Paul B. Davis’ new work, Assemblage 93 (2022) is a mantlepiece in which the fire is simulated by a 16-bit procedural animation running on now obsolete computing hardware. Davis has an interest in the amateur demoscene coding crews of the 1990’s and their histories. Assemblage 93 incorporates a restaging of influential coder Jare’s “Firedemo” graphics code. Released for the Assembly 1993 demo-party, Firedemo was probably the first algorithmic fire effect produced within the scene and it became a seminal programming kata equivalent to a “Hello, world!” program for aspiring graphics programmers. Here, Davis has modified Jare’s original code and displays it on a screen mounted within a fireplace alongside a selection of texts on the mantelpiece suitable for algorithmic fireside reading. This new piece continues several themes in Davis’ practice including his interest in computing sub-cultures, the restaging of techno-cultural events and his hacking of Nintendo consoles in collaboration with Cory Arcangel. One of these early NES works is on show here – Naptime (2002) a hacked NES cartridge which outputs an image of a dreaming Mario. Originally shown at The Whitney Biennial in 2004, since then it has lain dormant, silently, in the data which grows cold.
Paul B. Davis (b. 1977 St Louis, USA) lives and works in London. He has exhibited internationally at the Akademie Der Kunste, Whitechapel Gallery, Printed Matter, Witte de With Centre, HMKV, Tate Britain, Team Gallery, LABoral Centro de Arte, the Rotterdam International Film Festival, and ARD Television Germany. Paul’s work is in the permanent collection of the Whitney Museum and the Rhizome ArtBase. Recently completed a PhD at Central St. Martins titled “Turing-completeness as Medium: Art, Computers and Intentionality” and is a lecturer in Fine Art at Goldsmiths College.
In Isaac Lythgoe’s new work, Come back to heaven (2022), two snakes tether to an apple carved from applewood. Their bodies form a heart, their skins a tessellation of further smaller hearts. Seemingly oblivious to their half formed heads, their skin-like bodies entwine, they gaze outward to the room. The apple has been bitten twice. This work is as much about the simulation of romance and its simulacra – its performance, as it is the gratification of contentment with the other. The hand above – prototyped beyond a natural form, holds the wooden apple without effort – if this is the dangling of the forbidden fruit then indeed the apple is a simulation. It is the object of desire and not. Lythgoe uses ideas from narrative and storytelling traditions to discuss how prospective technologies may influence our future societal structures. As synthetic systems increasingly integrate with the biological, Lythgoe suggests that our scale of understanding basic ethics will shift and at some point demand a reformulation. Far from the simple division of AI and humanity, we might begin to examine the subtler aspects, the complexities of regenerative medicine, the soft infiltrations of synthetics in every aspect of our daily lives and bodies. What is our scale of self? Our presumption of consciousness puts the human first and then fuzzes into uncertainties, what might we consider intelligence, what is our inherent understanding of experience and suffering… trees appear intelligent, do salads scream?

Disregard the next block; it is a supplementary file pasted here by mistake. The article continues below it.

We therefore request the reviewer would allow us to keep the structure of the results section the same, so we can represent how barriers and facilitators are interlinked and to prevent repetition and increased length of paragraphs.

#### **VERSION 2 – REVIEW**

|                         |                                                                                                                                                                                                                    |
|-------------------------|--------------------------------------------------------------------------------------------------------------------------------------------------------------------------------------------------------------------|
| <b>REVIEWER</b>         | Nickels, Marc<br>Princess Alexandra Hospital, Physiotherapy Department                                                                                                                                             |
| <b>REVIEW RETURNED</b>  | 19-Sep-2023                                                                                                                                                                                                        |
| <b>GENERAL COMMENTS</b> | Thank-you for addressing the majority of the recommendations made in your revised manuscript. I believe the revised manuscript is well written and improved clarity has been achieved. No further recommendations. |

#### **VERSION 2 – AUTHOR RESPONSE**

Isaac Lythgoe (b. 1989, Guernsey, UK) lives and works in Paris, FR. Isaac Lythgoe is a graduate of the Royal College of Art. His recent exhibitions include solo shows at Galerie Duarte Sequeira, Portugal 2022, a solo booth with Super Dakota at Frieze Art Fair London 2021 and Liste Art Fair Basel 2019, Michael Jackson, on the wall at the National Portrait Gallery 2019, and at Exo Exo in Paris 2018. He is currently part of the residency programme at Cite Des Arts Internationale, Paris.